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Some kinda weird interweb geek playgound

Abstract: This is the script for the "Lightweight Web Browsing with Arora" episode I did for hackerpublicradio.org.

Download the episode in the ogg format.

Hey, it's deepgeek. Today, let's discuss the problem of interweb browsing and follow it up with a quick review of a lighweight interweb browser called arora.

When it comes to the concept of "Lightweight Applications" and web browsing, we come to the crux a problem; a problem that challanges the concept of running a lightweight system itself.

One problem is the flexibility of the concept itself. One person's idea of lightweight is a matter of opinion that differs from person to person. I always love to read descriptions of Firefox (BTW, I am a Debian guy, so for me that's Iceweasel, but that is another story.) Firefox considers itself to be a lightweight browser. I personally don't consider anything that takes a few seconds to launch to be lightweight myself.

In order to understand this situation, we need to get philosophical and look at a quick history of the web browser situation. Back in the 90's things were very different. First, the free software scene was not as well developed as it is today, so it was not ready for "prime time" yet. However, already dissatisfaction with Microsoft's monopoly practices was developing. Along came the Netscape browser (which owed it's origins to the Mosaic browser,) and it threatened Microsoft. This threat was known as the "middleware threat" because you could run things inside of the web browser in order to escape Microsoft software. (Yes, it was a prototypical concept for what we now call "cloud computing.) The feature set of the browser was aggressively expanded to encourage this. Now Firefox (which is a descendent of netscape) is tuning it's code, so it runs with less and less resource waste.

Also, looking back, the expectations of the interweb have changed. There is still a place for old school basic html for informational sites, but for things like web banking, shopping, and forums, flat file html no longer cuts it.

This last idea allows me to segue nicely into our software review. I currently have a need for Firefox as my "heavy browser," but I need something light for my day to day needs, so I use arora now. Let me spell that for you, Alpha Romeo Oscar Romeo Alpha.

Arora is lightweight, written in only 10,000 lines of code and based on the webkit rendering engine. Why webkit? Well, it is a matter of preference. When I switched to linux I used konqueror, which used it's own freedom oriented rendering engine. This engine was forked by apple for their Safari browser, but is usable by other products. Arora was originally a little demo program for the Qt application projects, but grew to be a usable day to day browser.

I don't like to run a full blown browser when I am just running around the interweb, call me a paranoid, but you may run a script on my interweb browser only when I give you permission. Arora allows me to configue a javascriptless, cookieless, and flashturbationless experience I need for my interweb "running around."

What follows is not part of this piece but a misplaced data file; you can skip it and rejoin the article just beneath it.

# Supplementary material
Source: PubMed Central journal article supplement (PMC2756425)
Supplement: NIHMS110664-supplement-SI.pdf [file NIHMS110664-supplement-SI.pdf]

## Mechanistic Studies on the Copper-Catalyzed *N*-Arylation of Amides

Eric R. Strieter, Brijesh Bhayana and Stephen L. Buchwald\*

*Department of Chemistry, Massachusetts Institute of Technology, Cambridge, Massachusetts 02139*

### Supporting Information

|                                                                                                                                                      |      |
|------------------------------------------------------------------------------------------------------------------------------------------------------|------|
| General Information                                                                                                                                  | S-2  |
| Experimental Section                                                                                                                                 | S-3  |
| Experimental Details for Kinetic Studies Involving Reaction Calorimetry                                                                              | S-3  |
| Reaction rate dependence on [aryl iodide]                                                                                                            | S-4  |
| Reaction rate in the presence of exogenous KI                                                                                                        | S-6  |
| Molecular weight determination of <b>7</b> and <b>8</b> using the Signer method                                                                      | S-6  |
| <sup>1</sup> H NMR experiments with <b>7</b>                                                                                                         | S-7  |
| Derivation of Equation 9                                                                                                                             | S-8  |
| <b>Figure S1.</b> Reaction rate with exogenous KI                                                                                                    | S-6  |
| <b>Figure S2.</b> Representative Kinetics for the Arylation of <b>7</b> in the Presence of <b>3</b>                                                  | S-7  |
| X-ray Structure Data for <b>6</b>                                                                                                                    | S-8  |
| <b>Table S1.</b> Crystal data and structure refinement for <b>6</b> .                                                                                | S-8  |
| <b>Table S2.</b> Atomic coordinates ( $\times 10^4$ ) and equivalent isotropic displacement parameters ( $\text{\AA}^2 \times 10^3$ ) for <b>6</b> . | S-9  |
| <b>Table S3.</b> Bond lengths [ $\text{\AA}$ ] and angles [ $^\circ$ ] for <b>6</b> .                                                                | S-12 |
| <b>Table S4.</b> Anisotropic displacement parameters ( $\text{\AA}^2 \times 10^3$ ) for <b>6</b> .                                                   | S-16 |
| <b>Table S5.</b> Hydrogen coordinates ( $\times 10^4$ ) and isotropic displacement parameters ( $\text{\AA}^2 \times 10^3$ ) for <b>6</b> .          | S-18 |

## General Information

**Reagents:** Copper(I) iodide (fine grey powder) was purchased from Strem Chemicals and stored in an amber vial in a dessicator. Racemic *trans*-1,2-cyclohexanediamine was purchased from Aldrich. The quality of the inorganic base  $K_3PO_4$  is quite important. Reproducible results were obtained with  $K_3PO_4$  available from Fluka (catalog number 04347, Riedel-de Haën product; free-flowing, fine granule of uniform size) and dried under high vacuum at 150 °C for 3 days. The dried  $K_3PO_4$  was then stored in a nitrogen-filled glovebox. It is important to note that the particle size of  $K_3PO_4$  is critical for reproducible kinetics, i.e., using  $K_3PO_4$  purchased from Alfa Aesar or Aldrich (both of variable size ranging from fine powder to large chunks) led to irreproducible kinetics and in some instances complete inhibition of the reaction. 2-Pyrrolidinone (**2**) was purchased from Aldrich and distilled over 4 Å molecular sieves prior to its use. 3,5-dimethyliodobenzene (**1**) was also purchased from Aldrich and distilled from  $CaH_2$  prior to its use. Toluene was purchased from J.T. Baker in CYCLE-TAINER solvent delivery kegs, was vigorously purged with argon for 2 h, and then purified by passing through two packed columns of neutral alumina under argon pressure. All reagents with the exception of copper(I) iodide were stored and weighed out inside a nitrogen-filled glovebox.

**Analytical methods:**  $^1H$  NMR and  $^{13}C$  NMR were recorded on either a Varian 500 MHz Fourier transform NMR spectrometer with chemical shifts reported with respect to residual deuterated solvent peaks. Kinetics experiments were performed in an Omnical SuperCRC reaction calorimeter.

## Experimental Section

Arora also has a "private browsing" mode. This mode does not do the following: store cookie data, cache icons, store browser history items. That's a pretty sweet feature for the privacy conscience.

However it still has features you expect, like regular handling of bookmarks, a little download manager. You can have javascript, but it is a little spotty as they say. It does cookies too, allowing you to choose between a few different popular behaviors for cookie management.

Why a webkit based browser? Well like I said, I orginally used Konqueror extensively, so the way konqueror renders a webpage is the way my brain thinks the interweb should look. The major engines for webrowsing are Trident for the Microsoft line, Presto for the Opera line, Gecko for the Mosaic/Netscape/Firefox line, and webkit/khtml for the Konqueror/Safari/Arora line of browsers.

My "geek tidbit" today is a quick look at some interesting add-on web browsing technology.

If, like me, you keep a command line browser on your system as an alternate, you may want to check out the "Surfraw" package. Surfraw makes text web searching an faster than light experienc by converting popular search engines into commands. For example, you can use Surfraw's goolgle tool to to just launch google's highest ranked webpage for a search query. Without images and ads, and not having to stop first at google, this is a "blink of the eye" exercise in information retreival.

An important addon for Firefox is the user agent switcher. Browsers identify what they are to websites they visit. This tool allows you to circumvent pages written with the "this page is only for Internet Exploder users" mentality. Really, these pages will be just fine if only you set your browser up to lie to them about what software to run. For added fun, you can try to impersonate google's search robot as you surf the interweb. If you ever want to kidnap a few webdesigners who make these pages and chain them to terminal browsing the web using ratpoisen and links, let me know. I am up for it.

The uber-paranoid geek's Firefox is just not complete without running the "noscripts" plugin on it. Browse the interweb scriptless, until you whitelist only a few domains to run scripts and flash on your system.

Thanks for listening, I hope you enjoyed it. Happy anniversary Hacker Public Radio and thanks for listening to me and this series.

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